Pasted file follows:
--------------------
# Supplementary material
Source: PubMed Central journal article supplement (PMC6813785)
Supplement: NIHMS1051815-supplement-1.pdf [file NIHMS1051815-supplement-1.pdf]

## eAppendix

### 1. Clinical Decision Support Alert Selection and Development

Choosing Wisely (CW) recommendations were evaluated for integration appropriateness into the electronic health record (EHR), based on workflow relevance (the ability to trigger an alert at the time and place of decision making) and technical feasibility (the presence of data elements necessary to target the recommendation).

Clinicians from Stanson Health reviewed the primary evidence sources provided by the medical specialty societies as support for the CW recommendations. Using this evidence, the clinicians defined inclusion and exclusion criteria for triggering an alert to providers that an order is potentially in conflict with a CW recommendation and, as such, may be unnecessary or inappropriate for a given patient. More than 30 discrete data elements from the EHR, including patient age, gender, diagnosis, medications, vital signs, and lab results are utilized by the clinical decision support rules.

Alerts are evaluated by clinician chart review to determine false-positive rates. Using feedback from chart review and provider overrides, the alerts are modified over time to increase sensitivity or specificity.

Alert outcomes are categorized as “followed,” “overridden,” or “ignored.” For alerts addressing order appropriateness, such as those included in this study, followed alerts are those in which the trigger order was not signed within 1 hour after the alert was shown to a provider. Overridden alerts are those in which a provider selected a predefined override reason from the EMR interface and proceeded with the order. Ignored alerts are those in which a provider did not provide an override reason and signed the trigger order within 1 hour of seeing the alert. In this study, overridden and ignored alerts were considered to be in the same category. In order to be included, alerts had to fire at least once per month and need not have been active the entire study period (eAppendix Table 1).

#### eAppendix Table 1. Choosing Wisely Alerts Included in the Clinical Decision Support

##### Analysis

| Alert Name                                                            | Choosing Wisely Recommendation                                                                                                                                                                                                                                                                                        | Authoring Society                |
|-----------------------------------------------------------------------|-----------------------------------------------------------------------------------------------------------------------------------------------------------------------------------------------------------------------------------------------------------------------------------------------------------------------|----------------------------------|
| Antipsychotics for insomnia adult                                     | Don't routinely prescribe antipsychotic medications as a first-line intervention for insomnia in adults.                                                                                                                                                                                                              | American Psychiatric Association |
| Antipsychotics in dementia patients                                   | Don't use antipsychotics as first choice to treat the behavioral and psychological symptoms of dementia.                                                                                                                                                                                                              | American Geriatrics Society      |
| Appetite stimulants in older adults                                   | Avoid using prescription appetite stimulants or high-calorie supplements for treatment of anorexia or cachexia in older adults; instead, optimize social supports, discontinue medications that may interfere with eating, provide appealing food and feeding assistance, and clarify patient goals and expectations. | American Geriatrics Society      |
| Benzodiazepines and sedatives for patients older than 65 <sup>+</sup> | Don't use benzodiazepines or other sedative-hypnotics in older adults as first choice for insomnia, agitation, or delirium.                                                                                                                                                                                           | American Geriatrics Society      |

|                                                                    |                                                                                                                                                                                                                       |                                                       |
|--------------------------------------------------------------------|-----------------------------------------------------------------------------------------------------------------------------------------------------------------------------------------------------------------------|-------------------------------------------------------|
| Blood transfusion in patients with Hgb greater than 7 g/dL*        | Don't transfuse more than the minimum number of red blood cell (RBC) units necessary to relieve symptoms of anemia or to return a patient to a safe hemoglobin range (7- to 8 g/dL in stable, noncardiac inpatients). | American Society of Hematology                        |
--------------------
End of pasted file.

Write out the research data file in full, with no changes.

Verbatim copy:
# Supplementary material
Source: PubMed Central journal article supplement (PMC6813785)
Supplement: NIHMS1051815-supplement-1.pdf [file NIHMS1051815-supplement-1.pdf]

## eAppendix

### 1. Clinical Decision Support Alert Selection and Development

Choosing Wisely (CW) recommendations were evaluated for integration appropriateness into the electronic health record (EHR), based on workflow relevance (the ability to trigger an alert at the time and place of decision making) and technical feasibility (the presence of data elements necessary to target the recommendation).

Clinicians from Stanson Health reviewed the primary evidence sources provided by the medical specialty societies as support for the CW recommendations. Using this evidence, the clinicians defined inclusion and exclusion criteria for triggering an alert to providers that an order is potentially in conflict with a CW recommendation and, as such, may be unnecessary or inappropriate for a given patient. More than 30 discrete data elements from the EHR, including patient age, gender, diagnosis, medications, vital signs, and lab results are utilized by the clinical decision support rules.

Alerts are evaluated by clinician chart review to determine false-positive rates. Using feedback from chart review and provider overrides, the alerts are modified over time to increase sensitivity or specificity.

Alert outcomes are categorized as “followed,” “overridden,” or “ignored.” For alerts addressing order appropriateness, such as those included in this study, followed alerts are those in which the trigger order was not signed within 1 hour after the alert was shown to a provider. Overridden alerts are those in which a provider selected a predefined override reason from the EMR interface and proceeded with the order. Ignored alerts are those in which a provider did not provide an override reason and signed the trigger order within 1 hour of seeing the alert. In this study, overridden and ignored alerts were considered to be in the same category. In order to be included, alerts had to fire at least once per month and need not have been active the entire study period (eAppendix Table 1).

#### eAppendix Table 1. Choosing Wisely Alerts Included in the Clinical Decision Support

##### Analysis

| Alert Name                                                            | Choosing Wisely Recommendation                                                                                                                                                                                                                                                                                        | Authoring Society                |
|-----------------------------------------------------------------------|-----------------------------------------------------------------------------------------------------------------------------------------------------------------------------------------------------------------------------------------------------------------------------------------------------------------------|----------------------------------|
| Antipsychotics for insomnia adult                                     | Don't routinely prescribe antipsychotic medications as a first-line intervention for insomnia in adults.                                                                                                                                                                                                              | American Psychiatric Association |
| Antipsychotics in dementia patients                                   | Don't use antipsychotics as first choice to treat the behavioral and psychological symptoms of dementia.                                                                                                                                                                                                              | American Geriatrics Society      |
| Appetite stimulants in older adults                                   | Avoid using prescription appetite stimulants or high-calorie supplements for treatment of anorexia or cachexia in older adults; instead, optimize social supports, discontinue medications that may interfere with eating, provide appealing food and feeding assistance, and clarify patient goals and expectations. | American Geriatrics Society      |
| Benzodiazepines and sedatives for patients older than 65 <sup>+</sup> | Don't use benzodiazepines or other sedative-hypnotics in older adults as first choice for insomnia, agitation, or delirium.                                                                                                                                                                                           | American Geriatrics Society      |

|                                                                    |                                                                                                                                                                                                                       |                                                       |
|--------------------------------------------------------------------|-----------------------------------------------------------------------------------------------------------------------------------------------------------------------------------------------------------------------|-------------------------------------------------------|
| Blood transfusion in patients with Hgb greater than 7 g/dL*        | Don't transfuse more than the minimum number of red blood cell (RBC) units necessary to relieve symptoms of anemia or to return a patient to a safe hemoglobin range (7- to 8 g/dL in stable, noncardiac inpatients). | American Society of Hematology                        |